When the Orrery was being painted, no clip region was used to restrict the image to the display box. If an asteroid or comet appeared outside the box (but still within the astronomical unit limit, due to perspective), it could be drawing outside the image panel. I added a clipping region to prevent this.

Similarly, I added a clipping region to the dragging code for the vertical and horizontal scrollbars. This prevents paint splattering outside the image panel when the Earth icon impinges on its edges.

I ripped out and totally reimplemented the code which plots orbits of comets and asteroids. Before, it shared logic with the planetary orbit code, but the differences were just too great to maintain the fiction that they were logically parallel. All the planetary orbits are close enough to circular that they can be plotted in equiangular segments without obvious errors. Further, they are always closed and have a known period. Asteroid and comet orbits obey none of these simplifying assumptions. I added a general orbit plotter which handles orbits of any eccentricity and size. It calculates the time of perihelion and draws the two arms of the orbit from that point, forward and back, until either they join somewhere on the orrery, or are clipped at the edge of the image. I modified the clipping logic to account for the square boundary of the image panel. More importantly, the code now calculates the instantaneous orbital velocity of the body and dynamically adjusts the time step for each segment of the orbit so the orbit remains smooth throughout, yet no time is wasted during distant, slow-moving sections of the orbit. The time saving from this were rather dramatic. For a bad-boy slightly hyperbolic Sun-grazer comet, orrery calculation time dropped from 880 seconds to a little more than 7 seconds. Music of the spheres to my ears.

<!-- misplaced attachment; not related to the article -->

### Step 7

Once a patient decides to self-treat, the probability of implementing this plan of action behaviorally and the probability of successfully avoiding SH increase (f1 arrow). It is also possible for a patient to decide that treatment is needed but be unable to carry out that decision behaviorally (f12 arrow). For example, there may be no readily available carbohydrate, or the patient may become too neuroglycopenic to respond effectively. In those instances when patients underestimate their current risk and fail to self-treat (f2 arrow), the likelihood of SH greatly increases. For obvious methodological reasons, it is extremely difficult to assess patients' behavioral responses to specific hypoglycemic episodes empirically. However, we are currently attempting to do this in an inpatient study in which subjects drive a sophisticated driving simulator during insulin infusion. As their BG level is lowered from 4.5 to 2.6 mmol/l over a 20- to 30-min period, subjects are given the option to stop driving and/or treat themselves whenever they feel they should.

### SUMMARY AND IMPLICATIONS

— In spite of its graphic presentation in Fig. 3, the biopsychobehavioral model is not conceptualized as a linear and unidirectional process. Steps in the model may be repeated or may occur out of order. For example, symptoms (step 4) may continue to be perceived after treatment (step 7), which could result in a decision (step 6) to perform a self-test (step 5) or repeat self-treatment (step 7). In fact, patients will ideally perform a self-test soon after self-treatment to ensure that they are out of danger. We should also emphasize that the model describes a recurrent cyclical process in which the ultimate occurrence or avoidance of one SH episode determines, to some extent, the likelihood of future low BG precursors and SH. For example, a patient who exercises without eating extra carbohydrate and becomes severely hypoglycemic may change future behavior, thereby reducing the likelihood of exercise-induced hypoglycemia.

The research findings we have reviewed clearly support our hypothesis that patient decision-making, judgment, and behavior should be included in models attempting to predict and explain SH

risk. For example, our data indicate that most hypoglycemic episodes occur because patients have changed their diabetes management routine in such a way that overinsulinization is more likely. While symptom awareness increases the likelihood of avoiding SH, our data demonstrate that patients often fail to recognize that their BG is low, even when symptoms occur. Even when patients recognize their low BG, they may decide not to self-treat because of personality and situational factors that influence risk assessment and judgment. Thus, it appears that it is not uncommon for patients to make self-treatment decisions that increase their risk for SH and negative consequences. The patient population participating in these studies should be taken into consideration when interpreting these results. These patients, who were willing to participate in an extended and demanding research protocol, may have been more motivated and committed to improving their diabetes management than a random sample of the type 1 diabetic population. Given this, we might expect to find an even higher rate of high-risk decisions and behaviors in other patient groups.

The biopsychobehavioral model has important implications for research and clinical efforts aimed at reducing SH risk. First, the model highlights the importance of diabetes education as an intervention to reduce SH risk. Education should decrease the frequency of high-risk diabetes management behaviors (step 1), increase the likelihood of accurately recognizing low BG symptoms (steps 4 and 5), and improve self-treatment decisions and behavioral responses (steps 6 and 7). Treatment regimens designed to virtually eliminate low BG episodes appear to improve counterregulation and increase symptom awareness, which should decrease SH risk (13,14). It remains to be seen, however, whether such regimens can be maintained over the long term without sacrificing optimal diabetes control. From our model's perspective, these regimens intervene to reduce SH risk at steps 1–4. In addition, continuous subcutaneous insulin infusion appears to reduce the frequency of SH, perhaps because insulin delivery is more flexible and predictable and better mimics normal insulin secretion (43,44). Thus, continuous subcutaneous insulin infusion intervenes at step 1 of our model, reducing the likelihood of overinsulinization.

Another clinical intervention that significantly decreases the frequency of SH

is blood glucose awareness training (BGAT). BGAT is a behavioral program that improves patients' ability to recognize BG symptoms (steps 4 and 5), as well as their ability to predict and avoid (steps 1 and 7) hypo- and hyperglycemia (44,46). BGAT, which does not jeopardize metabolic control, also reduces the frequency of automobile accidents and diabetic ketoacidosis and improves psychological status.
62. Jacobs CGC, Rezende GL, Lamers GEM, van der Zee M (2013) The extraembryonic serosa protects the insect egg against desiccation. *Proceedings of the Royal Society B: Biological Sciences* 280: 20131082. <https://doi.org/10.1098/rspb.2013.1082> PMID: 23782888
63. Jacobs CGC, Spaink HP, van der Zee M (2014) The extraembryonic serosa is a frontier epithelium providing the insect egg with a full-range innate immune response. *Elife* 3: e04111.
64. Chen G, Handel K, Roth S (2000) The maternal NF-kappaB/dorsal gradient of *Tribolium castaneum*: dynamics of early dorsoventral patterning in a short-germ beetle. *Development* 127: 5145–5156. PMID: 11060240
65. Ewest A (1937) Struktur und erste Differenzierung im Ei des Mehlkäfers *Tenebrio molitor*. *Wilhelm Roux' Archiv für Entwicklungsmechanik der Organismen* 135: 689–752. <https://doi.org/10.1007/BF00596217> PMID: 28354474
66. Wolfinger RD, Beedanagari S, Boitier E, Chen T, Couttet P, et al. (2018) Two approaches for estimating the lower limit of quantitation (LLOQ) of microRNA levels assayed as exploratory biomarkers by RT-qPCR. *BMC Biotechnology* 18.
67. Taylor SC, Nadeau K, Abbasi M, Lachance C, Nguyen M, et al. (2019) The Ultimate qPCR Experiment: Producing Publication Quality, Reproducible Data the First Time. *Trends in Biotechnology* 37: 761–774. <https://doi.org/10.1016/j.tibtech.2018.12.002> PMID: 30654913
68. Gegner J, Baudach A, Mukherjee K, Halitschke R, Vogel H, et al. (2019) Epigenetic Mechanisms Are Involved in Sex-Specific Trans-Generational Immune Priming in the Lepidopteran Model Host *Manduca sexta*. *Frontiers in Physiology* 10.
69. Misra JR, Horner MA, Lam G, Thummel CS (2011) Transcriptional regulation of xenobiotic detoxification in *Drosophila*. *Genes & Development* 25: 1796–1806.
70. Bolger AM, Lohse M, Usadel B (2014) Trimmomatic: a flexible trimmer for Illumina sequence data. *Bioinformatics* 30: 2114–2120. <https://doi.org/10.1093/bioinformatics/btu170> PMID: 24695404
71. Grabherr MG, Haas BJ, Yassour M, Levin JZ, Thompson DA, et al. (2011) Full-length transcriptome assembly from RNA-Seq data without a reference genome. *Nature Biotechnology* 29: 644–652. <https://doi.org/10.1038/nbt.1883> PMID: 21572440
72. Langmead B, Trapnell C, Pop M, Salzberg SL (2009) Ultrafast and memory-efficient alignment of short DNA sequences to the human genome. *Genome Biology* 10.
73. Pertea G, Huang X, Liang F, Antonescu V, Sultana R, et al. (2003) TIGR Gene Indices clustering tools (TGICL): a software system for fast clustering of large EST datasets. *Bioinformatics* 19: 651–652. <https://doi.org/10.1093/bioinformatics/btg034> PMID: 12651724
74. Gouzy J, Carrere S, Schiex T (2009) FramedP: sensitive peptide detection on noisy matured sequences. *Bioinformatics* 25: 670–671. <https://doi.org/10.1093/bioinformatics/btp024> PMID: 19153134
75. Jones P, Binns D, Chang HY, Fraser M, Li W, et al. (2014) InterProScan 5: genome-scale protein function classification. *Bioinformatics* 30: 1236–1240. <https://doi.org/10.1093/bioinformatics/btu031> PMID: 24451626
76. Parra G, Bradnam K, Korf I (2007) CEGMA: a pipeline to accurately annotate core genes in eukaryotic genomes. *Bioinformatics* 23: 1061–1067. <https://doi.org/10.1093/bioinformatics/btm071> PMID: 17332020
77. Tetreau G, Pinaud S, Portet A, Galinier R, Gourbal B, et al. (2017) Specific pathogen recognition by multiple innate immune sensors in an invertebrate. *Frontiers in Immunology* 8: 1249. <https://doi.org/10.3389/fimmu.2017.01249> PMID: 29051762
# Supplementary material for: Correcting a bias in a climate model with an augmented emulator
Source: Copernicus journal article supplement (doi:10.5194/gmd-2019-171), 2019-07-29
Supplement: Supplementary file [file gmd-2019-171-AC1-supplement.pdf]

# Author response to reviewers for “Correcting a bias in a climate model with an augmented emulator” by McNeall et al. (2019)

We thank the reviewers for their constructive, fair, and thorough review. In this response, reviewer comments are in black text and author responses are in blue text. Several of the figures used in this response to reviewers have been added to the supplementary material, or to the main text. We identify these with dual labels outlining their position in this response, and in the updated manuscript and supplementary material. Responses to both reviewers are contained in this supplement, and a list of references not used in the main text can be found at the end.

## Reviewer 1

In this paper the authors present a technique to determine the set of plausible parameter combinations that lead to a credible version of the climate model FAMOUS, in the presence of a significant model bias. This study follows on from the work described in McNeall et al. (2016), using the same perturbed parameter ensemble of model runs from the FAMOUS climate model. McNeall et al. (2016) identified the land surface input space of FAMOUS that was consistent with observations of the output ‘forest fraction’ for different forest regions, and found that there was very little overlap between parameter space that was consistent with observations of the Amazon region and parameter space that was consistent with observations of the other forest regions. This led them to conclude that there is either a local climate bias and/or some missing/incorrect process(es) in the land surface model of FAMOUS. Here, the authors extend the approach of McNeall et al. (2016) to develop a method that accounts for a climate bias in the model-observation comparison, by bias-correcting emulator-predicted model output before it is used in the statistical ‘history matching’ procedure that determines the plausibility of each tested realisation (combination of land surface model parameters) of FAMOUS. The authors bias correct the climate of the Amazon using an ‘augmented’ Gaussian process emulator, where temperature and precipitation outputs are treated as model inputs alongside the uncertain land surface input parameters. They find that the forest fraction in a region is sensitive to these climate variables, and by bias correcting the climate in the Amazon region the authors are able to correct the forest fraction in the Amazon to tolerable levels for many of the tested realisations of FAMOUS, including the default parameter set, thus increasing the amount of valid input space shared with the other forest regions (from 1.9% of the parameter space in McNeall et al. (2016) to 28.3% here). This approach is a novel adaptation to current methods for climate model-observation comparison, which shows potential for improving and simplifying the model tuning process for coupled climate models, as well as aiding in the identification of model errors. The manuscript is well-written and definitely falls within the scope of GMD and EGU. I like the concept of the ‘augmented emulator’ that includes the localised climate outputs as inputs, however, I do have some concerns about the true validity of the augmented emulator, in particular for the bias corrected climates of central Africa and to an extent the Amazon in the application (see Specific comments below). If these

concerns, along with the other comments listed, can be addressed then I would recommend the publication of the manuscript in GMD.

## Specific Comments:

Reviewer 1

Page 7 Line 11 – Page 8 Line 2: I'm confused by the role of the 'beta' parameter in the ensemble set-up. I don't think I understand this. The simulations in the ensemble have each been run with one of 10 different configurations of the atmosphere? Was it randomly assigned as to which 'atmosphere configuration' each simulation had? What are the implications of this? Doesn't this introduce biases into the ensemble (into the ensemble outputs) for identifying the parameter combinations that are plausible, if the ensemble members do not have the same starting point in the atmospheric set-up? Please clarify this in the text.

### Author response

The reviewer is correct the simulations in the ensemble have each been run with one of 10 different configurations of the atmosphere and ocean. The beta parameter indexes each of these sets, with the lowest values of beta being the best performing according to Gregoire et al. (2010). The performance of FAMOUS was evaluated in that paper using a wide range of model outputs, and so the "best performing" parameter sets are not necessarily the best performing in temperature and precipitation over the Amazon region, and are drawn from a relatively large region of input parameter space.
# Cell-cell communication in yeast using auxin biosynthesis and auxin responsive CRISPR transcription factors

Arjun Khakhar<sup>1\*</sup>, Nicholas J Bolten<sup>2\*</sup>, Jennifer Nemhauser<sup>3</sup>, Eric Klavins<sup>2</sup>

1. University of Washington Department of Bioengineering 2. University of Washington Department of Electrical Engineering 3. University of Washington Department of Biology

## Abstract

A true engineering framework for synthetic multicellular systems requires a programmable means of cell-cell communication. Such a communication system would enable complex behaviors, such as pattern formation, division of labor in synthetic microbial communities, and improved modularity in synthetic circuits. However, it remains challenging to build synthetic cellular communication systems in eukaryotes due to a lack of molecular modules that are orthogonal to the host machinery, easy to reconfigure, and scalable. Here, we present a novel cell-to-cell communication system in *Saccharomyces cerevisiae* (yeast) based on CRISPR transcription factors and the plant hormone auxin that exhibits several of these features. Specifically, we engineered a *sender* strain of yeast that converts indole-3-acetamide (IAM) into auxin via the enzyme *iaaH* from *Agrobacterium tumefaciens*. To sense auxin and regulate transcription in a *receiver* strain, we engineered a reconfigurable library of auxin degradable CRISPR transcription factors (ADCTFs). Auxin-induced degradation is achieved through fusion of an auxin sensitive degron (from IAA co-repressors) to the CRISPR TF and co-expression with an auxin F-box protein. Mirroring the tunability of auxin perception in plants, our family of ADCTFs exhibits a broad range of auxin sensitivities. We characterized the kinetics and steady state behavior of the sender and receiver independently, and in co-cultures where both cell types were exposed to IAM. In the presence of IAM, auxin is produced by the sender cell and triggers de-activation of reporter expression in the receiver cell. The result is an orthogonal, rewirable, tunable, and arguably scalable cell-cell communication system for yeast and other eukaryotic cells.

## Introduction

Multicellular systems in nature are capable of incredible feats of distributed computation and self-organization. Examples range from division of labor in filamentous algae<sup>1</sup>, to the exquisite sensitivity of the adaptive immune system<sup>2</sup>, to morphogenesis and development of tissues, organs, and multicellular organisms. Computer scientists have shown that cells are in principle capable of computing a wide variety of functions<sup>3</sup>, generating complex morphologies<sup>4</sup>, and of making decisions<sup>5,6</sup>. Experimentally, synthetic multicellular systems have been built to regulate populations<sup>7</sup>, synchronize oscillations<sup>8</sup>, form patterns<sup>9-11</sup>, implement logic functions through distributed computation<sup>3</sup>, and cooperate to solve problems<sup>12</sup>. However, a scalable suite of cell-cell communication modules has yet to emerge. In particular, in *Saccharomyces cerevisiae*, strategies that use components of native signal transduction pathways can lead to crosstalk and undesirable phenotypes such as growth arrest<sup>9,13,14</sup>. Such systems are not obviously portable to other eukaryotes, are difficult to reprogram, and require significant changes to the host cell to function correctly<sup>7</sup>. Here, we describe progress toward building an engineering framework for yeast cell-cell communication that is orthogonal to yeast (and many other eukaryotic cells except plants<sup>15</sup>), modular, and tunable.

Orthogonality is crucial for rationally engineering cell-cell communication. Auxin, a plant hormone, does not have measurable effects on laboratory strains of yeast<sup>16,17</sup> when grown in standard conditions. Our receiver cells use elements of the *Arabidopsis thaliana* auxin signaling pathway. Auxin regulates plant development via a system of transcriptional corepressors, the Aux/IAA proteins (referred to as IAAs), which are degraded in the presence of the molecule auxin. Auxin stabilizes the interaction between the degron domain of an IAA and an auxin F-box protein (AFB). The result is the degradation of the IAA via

I replaced the year-old satellite element databases with versions current as of mid-October 1994. Of course, they'll soon be out of date, but it's better than including hopelessly obsolete data.

13 October 1994

More fixes to the utility program ASTRELEM.C to handle additional quirks observed in the elements included in Minor Planet Electronic Circulars (MPECs). Objects (for example just-discovered Pluto crossers) with an undetermined eccentricity are given as E = 0.00000 but with the mean anomaly (M) field blank. Home Planet handles a blank mean anomaly correctly but other programs may not, so I fixed the code to include an explicit "0.0" for mean anomaly if it is unknown.

Elements for recovered objects include an "Id." line as the second line (between the name and the Epoch) and omit the "From" line at the end. These are now processed correctly.

The orbital velocity determination code in ORRERY.C could divide by zero if Kepler's equation failed to converge for near-parabolic objects with mean anomalies near 180°. I modified ASTEROID.C to guarantee that the radius vector is returned as zero to indicate the orbital position calculation failed (this is our signal elsewhere, as in PLUTO.C), and fixed ORRERY.C to treat this failure as marking the end of the current branch of the orbit.

I further refined the calculation of time steps based on orbital velocity so that the step size for the inner solar system is always used when the object is within the inner system. This results in much smoother orbits near perihelion, without compromising speed in the much longer outer system branches. Since very eccentric orbits don't spend much time in the inner system, we can afford the additional precision there.